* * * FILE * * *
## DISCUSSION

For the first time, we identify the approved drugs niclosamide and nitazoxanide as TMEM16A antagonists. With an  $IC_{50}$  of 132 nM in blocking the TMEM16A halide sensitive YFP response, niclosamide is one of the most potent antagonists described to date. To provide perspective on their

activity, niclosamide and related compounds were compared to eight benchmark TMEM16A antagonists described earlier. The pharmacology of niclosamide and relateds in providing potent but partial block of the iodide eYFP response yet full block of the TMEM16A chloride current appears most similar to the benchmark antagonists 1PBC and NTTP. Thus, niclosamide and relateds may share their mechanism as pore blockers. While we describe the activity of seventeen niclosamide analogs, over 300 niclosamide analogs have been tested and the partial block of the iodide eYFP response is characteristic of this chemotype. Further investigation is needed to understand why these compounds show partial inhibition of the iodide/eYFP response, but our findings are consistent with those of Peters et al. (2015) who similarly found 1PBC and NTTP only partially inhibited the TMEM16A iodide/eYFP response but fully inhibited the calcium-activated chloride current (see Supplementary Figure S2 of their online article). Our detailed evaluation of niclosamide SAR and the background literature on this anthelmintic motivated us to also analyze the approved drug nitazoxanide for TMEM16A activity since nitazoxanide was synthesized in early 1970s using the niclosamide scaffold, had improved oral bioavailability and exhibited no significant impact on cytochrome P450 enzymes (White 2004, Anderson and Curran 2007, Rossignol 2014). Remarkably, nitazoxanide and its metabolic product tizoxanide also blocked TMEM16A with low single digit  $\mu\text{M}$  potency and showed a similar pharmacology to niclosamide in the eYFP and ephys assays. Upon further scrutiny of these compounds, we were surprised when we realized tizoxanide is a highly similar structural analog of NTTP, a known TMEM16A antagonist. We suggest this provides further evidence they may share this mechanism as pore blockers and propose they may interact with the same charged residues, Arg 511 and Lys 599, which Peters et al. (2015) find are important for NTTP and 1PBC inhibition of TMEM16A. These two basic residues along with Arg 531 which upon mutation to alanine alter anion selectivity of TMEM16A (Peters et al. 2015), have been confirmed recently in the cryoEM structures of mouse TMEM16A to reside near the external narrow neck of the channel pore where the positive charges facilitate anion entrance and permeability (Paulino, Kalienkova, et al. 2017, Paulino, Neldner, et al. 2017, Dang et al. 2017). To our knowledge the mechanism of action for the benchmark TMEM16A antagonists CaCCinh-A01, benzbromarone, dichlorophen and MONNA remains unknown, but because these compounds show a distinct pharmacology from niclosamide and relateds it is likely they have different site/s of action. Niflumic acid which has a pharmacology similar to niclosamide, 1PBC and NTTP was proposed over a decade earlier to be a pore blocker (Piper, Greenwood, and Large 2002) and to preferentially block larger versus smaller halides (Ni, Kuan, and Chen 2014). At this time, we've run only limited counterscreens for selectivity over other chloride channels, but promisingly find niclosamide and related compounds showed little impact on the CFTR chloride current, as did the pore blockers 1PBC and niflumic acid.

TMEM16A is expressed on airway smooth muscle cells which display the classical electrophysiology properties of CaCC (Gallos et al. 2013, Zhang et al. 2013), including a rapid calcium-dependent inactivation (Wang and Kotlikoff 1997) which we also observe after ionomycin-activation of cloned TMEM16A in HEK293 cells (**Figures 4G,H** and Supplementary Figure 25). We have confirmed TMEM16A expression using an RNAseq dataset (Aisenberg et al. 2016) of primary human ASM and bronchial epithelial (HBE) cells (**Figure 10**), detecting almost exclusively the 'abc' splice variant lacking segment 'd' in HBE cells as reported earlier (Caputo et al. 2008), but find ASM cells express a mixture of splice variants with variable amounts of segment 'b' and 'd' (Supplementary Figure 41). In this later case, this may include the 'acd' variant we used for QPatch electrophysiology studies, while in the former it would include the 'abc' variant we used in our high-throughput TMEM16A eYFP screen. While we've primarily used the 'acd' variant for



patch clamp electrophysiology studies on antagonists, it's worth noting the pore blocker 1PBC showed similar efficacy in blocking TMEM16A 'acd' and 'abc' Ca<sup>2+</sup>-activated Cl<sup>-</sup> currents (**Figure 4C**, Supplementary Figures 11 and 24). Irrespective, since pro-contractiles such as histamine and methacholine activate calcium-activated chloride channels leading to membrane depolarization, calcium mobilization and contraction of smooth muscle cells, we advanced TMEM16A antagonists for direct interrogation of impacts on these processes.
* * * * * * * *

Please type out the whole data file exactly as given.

## DISCUSSION

For the first time, we identify the approved drugs niclosamide and nitazoxanide as TMEM16A antagonists. With an  $IC_{50}$  of 132 nM in blocking the TMEM16A halide sensitive YFP response, niclosamide is one of the most potent antagonists described to date. To provide perspective on their

activity, niclosamide and related compounds were compared to eight benchmark TMEM16A antagonists described earlier. The pharmacology of niclosamide and relateds in providing potent but partial block of the iodide eYFP response yet full block of the TMEM16A chloride current appears most similar to the benchmark antagonists 1PBC and NTTP. Thus, niclosamide and relateds may share their mechanism as pore blockers. While we describe the activity of seventeen niclosamide analogs, over 300 niclosamide analogs have been tested and the partial block of the iodide eYFP response is characteristic of this chemotype. Further investigation is needed to understand why these compounds show partial inhibition of the iodide/eYFP response, but our findings are consistent with those of Peters et al. (2015) who similarly found 1PBC and NTTP only partially inhibited the TMEM16A iodide/eYFP response but fully inhibited the calcium-activated chloride current (see Supplementary Figure S2 of their online article). Our detailed evaluation of niclosamide SAR and the background literature on this anthelmintic motivated us to also analyze the approved drug nitazoxanide for TMEM16A activity since nitazoxanide was synthesized in early 1970s using the niclosamide scaffold, had improved oral bioavailability and exhibited no significant impact on cytochrome P450 enzymes (White 2004, Anderson and Curran 2007, Rossignol 2014). Remarkably, nitazoxanide and its metabolic product tizoxanide also blocked TMEM16A with low single digit  $\mu\text{M}$  potency and showed a similar pharmacology to niclosamide in the eYFP and ephys assays. Upon further scrutiny of these compounds, we were surprised when we realized tizoxanide is a highly similar structural analog of NTTP, a known TMEM16A antagonist. We suggest this provides further evidence they may share this mechanism as pore blockers and propose they may interact with the same charged residues, Arg 511 and Lys 599, which Peters et al. (2015) find are important for NTTP and 1PBC inhibition of TMEM16A. These two basic residues along with Arg 531 which upon mutation to alanine alter anion selectivity of TMEM16A (Peters et al. 2015), have been confirmed recently in the cryoEM structures of mouse TMEM16A to reside near the external narrow neck of the channel pore where the positive charges facilitate anion entrance and permeability (Paulino, Kalienkova, et al. 2017, Paulino, Neldner, et al. 2017, Dang et al. 2017). To our knowledge the mechanism of action for the benchmark TMEM16A antagonists CaCCinh-A01, benzbromarone, dichlorophen and MONNA remains unknown, but because these compounds show a distinct pharmacology from niclosamide and relateds it is likely they have different site/s of action. Niflumic acid which has a pharmacology similar to niclosamide, 1PBC and NTTP was proposed over a decade earlier to be a pore blocker (Piper, Greenwood, and Large 2002) and to preferentially block larger versus smaller halides (Ni, Kuan, and Chen 2014). At this time, we've run only limited counterscreens for selectivity over other chloride channels, but promisingly find niclosamide and related compounds showed little impact on the CFTR chloride current, as did the pore blockers 1PBC and niflumic acid.

TMEM16A is expressed on airway smooth muscle cells which display the classical electrophysiology properties of CaCC (Gallos et al. 2013, Zhang et al. 2013), including a rapid calcium-dependent inactivation (Wang and Kotlikoff 1997) which we also observe after ionomycin-activation of cloned TMEM16A in HEK293 cells (**Figures 4G,H** and Supplementary Figure 25). We have confirmed TMEM16A expression using an RNAseq dataset (Aisenberg et al. 2016) of primary human ASM and bronchial epithelial (HBE) cells (**Figure 10**), detecting almost exclusively the 'abc' splice variant lacking segment 'd' in HBE cells as reported earlier (Caputo et al. 2008), but find ASM cells express a mixture of splice variants with variable amounts of segment 'b' and 'd' (Supplementary Figure 41). In this later case, this may include the 'acd' variant we used for QPatch electrophysiology studies, while in the former it would include the 'abc' variant we used in our high-throughput TMEM16A eYFP screen. While we've primarily used the 'acd' variant for



patch clamp electrophysiology studies on antagonists, it's worth noting the pore blocker 1PBC showed similar efficacy in blocking TMEM16A 'acd' and 'abc' Ca<sup>2+</sup>-activated Cl<sup>-</sup> currents (**Figure 4C**, Supplementary Figures 11 and 24). Irrespective, since pro-contractiles such as histamine and methacholine activate calcium-activated chloride channels leading to membrane depolarization, calcium mobilization and contraction of smooth muscle cells, we advanced TMEM16A antagonists for direct interrogation of impacts on these processes.